Population Change

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World Population Growth Summary
Population growth was slow until the start of the 19th century. It took thousands of years to reach 1 billion (1804). It took 123 years to reach 2 billion, 33 years to reach 3 billion, by 1999 we had hit 6 billion. Predicted 2050: 9.5 billion.
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Natural Increase
When the birth rate is higher than the death rate.
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Natural Decrease
When the death rate is higher than the birth rate.
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Social factors affecting birth rate
Availability of family planning, quality of education available for women, social standards (e.g. it used to be normal to have more than five children, and now it is closer to two).
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Economic factors affecting birth rate
Children work for the family to earn money, either in the fields or in a factory. Parents may also rely on their children in old age.
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Political factors affecting birth rate
Governments not providing family planning and religious governments not legalising the sale of contraceptives (e.g. in a catholic country).
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Demographic Transition Model
A graph showing the different stages of population development.
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DTM Stage one
Birth rate: high Death rate: high Natural increase: low Countries: None, all known populations have progressed.
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DTM Stage two
Birth rate: high Death rate: decreasing Natural increase: increasing Countries: LEDCs, many of which are in Africa.
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DTM Stage three
Birth rate: decreasing Death rate: low Natural increase: decreasing Countries: south and east Asia, Brazil and Mexico.
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DTM Stage four
Birth rate: low Death rate: low Natural increase: low Countries: north America, Australasia, Japan and many European countries.
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DTM Stage five
Birth rate: low Death rate: low Natural increase: negative Countries: Germany and France.
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Factors leading to a low birth rate
Small families are socially acceptable, agriculture becoming mechanised, gender equality, national population policy and free family planning advice.
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Growing pains: rural areas
Overgrazing, over-cultivation, increased pollution, deforestation, land degradation, shortages of clean water and lack of basic services (sanitation, schools etc.).
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Growing pains: urban areas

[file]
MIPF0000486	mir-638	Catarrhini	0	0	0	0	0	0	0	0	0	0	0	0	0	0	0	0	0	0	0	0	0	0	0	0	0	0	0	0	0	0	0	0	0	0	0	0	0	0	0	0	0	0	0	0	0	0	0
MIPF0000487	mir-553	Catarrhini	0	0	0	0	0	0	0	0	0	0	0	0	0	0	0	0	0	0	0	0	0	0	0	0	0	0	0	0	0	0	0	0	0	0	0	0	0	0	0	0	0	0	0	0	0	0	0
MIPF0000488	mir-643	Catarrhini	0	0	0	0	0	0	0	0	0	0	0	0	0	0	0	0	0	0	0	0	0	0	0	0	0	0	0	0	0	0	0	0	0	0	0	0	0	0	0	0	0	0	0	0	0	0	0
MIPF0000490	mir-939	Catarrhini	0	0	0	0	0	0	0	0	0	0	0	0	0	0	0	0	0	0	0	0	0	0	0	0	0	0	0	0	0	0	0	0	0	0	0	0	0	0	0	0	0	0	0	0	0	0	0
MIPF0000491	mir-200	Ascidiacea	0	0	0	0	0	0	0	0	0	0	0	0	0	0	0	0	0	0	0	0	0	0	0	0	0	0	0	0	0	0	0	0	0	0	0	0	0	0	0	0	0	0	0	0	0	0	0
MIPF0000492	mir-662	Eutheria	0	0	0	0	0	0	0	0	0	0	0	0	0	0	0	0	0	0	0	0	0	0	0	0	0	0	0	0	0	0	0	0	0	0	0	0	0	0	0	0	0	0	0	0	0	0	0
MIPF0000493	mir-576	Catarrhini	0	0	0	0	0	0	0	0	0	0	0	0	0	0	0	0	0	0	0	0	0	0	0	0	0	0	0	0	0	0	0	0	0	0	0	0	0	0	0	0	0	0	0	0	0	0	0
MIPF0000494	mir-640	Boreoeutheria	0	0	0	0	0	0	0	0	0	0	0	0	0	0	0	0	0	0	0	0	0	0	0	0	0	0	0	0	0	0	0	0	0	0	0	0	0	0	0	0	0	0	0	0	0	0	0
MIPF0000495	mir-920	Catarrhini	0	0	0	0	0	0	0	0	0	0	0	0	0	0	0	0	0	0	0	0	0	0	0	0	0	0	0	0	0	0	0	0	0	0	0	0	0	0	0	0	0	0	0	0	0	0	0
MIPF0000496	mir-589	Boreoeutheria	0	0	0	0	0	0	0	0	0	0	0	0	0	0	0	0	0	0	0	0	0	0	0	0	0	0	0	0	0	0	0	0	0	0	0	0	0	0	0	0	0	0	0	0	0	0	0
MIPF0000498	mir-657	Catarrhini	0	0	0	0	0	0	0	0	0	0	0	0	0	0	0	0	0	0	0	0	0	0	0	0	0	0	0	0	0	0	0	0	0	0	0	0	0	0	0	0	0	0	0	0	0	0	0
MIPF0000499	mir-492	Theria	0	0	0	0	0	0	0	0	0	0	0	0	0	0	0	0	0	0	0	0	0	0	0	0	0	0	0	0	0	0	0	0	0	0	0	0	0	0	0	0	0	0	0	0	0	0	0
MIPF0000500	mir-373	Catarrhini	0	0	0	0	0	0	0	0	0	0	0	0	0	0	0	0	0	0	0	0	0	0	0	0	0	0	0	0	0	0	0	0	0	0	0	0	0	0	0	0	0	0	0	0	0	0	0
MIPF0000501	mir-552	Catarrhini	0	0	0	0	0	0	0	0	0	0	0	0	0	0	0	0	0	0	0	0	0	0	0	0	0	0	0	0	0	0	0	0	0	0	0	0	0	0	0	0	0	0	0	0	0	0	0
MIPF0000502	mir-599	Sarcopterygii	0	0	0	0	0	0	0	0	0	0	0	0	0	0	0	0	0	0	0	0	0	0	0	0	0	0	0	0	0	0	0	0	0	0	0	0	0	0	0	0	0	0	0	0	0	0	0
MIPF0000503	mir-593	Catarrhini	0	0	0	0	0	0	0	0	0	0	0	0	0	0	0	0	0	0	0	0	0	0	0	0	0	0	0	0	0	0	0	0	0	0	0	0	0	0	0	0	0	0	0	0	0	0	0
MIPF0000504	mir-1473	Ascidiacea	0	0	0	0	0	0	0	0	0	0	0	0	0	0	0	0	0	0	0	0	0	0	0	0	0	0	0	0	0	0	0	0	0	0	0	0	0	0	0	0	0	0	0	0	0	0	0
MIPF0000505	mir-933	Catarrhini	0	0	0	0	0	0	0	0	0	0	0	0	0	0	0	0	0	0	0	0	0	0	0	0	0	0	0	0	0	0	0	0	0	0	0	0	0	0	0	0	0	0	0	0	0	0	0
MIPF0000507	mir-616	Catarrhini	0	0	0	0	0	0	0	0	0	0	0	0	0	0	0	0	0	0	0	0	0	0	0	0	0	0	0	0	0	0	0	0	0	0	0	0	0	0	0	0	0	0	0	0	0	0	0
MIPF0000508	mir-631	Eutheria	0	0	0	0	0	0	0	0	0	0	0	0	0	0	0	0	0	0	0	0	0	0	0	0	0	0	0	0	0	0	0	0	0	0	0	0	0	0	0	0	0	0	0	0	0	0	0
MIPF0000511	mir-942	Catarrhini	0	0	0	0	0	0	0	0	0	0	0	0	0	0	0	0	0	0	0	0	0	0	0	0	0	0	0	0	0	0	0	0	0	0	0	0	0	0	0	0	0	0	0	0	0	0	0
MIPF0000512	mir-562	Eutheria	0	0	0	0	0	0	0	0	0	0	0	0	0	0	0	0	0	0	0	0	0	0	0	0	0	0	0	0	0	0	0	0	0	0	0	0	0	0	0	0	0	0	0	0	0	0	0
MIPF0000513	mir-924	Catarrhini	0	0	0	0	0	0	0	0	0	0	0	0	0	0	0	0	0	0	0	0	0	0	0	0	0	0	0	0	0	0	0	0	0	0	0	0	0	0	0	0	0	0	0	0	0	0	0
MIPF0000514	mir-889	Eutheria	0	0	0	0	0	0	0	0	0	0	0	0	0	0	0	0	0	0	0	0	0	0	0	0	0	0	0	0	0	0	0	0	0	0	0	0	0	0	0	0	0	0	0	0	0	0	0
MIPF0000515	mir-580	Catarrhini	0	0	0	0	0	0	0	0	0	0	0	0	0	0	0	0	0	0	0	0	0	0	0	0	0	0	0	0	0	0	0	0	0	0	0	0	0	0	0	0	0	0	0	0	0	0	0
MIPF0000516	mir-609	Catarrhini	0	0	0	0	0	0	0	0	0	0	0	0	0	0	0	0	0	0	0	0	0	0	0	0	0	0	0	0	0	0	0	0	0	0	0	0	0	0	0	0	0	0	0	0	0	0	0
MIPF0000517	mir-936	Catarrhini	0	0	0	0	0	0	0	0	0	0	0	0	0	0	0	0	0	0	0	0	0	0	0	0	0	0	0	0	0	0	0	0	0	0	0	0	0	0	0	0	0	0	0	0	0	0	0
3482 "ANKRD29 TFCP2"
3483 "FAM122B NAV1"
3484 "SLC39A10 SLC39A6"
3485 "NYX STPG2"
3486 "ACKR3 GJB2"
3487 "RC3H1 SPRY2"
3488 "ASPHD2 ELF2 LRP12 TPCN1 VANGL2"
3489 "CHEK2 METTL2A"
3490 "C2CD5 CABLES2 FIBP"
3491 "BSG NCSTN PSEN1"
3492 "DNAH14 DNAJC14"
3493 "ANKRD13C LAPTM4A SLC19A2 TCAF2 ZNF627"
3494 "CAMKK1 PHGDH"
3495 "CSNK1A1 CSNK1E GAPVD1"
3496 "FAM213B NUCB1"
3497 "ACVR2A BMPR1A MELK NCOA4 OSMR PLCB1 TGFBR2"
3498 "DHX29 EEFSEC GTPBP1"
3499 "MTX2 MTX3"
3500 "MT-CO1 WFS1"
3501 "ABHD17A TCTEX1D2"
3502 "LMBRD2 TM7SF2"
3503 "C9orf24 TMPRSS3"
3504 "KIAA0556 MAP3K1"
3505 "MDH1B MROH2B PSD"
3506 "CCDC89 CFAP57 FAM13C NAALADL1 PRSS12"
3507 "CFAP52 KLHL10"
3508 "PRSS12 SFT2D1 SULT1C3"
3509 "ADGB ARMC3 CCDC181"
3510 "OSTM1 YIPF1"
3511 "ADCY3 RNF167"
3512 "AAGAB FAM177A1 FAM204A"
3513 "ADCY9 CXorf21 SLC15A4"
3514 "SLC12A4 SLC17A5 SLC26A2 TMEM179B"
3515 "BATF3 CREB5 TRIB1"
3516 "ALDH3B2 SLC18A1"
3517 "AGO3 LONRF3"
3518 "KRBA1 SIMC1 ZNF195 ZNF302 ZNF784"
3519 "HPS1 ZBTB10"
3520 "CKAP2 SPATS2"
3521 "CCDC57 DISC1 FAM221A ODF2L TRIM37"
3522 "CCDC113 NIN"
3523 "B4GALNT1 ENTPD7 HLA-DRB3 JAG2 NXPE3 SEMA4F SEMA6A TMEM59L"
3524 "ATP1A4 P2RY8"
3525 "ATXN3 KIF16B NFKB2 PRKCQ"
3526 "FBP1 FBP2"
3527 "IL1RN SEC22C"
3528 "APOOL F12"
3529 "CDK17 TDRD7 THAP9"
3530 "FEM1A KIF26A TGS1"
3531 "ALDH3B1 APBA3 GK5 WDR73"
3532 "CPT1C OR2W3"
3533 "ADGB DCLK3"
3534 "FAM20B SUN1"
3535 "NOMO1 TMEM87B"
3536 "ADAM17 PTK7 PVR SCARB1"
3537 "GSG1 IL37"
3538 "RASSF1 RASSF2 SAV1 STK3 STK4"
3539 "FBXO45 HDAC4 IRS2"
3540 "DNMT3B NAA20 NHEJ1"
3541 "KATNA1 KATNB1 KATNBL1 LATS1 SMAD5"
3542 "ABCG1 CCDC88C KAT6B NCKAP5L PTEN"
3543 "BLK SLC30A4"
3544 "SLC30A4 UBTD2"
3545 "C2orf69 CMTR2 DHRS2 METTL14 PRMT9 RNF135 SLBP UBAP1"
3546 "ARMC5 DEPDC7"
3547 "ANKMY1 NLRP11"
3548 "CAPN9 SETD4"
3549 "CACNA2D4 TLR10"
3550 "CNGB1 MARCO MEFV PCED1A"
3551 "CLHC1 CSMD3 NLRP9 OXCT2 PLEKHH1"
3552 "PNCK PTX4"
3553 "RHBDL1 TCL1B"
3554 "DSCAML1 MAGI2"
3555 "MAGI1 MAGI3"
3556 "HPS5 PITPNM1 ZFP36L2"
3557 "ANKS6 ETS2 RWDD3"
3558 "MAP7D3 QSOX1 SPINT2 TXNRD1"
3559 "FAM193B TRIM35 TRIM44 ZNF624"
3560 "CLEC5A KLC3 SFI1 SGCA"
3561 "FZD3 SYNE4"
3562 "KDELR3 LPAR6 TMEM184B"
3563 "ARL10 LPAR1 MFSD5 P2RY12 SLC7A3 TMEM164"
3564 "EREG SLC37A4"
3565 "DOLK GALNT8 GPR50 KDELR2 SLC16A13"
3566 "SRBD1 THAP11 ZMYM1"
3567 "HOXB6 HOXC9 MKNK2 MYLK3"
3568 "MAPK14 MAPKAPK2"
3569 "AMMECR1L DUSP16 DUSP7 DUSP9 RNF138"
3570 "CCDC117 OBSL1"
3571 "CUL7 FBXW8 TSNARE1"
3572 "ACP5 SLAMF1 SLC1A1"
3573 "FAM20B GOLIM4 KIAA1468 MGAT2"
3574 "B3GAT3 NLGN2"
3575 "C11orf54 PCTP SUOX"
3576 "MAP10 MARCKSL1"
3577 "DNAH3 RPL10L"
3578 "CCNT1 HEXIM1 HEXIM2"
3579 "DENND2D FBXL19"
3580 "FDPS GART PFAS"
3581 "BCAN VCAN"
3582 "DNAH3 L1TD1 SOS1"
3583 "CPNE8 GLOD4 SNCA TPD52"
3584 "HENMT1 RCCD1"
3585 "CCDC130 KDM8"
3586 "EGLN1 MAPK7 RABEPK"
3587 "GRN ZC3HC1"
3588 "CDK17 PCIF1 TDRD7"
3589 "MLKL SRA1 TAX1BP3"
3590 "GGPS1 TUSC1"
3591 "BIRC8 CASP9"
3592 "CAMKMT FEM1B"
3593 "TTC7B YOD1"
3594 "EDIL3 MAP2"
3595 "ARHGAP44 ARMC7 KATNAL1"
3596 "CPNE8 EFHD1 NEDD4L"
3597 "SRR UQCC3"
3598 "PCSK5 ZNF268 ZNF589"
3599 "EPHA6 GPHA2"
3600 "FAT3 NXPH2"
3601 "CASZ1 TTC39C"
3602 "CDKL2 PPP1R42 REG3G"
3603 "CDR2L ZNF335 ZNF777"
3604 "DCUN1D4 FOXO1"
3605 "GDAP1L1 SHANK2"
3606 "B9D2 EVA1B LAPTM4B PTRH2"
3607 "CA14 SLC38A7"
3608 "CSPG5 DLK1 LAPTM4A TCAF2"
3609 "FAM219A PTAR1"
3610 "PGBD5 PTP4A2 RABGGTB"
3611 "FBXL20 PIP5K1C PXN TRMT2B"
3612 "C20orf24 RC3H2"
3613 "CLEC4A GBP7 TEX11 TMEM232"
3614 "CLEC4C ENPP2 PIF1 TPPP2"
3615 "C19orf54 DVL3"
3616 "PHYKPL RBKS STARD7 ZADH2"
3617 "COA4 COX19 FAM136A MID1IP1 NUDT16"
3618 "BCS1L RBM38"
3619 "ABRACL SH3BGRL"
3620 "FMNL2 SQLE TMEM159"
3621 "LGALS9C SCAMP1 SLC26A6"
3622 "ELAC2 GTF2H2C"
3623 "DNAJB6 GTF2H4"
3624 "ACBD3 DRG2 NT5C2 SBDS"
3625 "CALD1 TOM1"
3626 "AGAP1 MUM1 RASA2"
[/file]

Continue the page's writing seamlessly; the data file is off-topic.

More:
Overcrowding, development of shanty towns, traffic congestion, increased pollution and inadequate public services.
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Growing pains: the country as a whole
Resource shortages (e.g. like water in the countries around the Nile) unemployment, under-employment, lack of money, low living standards, international debts, unstable government and increased tension between different groups.
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China's one child policy, 1979
Couples who had one child received economic rewards and welfare benefits, whilst those with more were fined (with few exceptions). China's population is now 300 million lower than predicted.
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Problems with the one child policy
Girls are valued more, and so many female babies were either terminated or put up for adoption. Tension between men. Single children bearing the brunt of an ageing population and a shortage of workers in the future.
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France's pro-natal policy
Cash incentive of £675 a month for a mother to stay off work after her third child. The 'carte famille nombreuse' giving reductions on train fares. Income tax based on the more children the less tax to pay. Three years paid pa- or maternity leave.
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Ageing population - the UK
More state pensions need to be paid, increased strain on the NHS and smaller working population (less taxes).
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Migration: push factors
Harsh climate, inaccessibility, divorce, ill health, unemployment, poverty, shortage of housing, civil war/war or ethnic cleansing.
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Migration: pull factors
Cheaper land, less hazards, marriage and family ties, more employment opportunities, higher wages, better lifestyle and personal security.
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European Union
In 2004, the EU enlarged to allow ten more low-income countries to work and travel in the EU.
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Migration to the UK
Around 1.8 million migrants from non-EU countries, the top being Morocco.
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Other cards in this set

Card 2

Front

When the birth rate is higher than the death rate.

Back

Natural Increase

Card 3

Front

When the death rate is higher than the birth rate.

Back

Preview of the back of card 3

Card 4

Front

Availability of family planning, quality of education available for women, social standards (e.g. it used to be normal to have more than five children, and now it is closer to two).

Back

Preview of the back of card 4

Card 5

Front

Children work for the family to earn money, either in the fields or in a factory. Parents may also rely on their children in old age.

Back

Preview of the back of card 5
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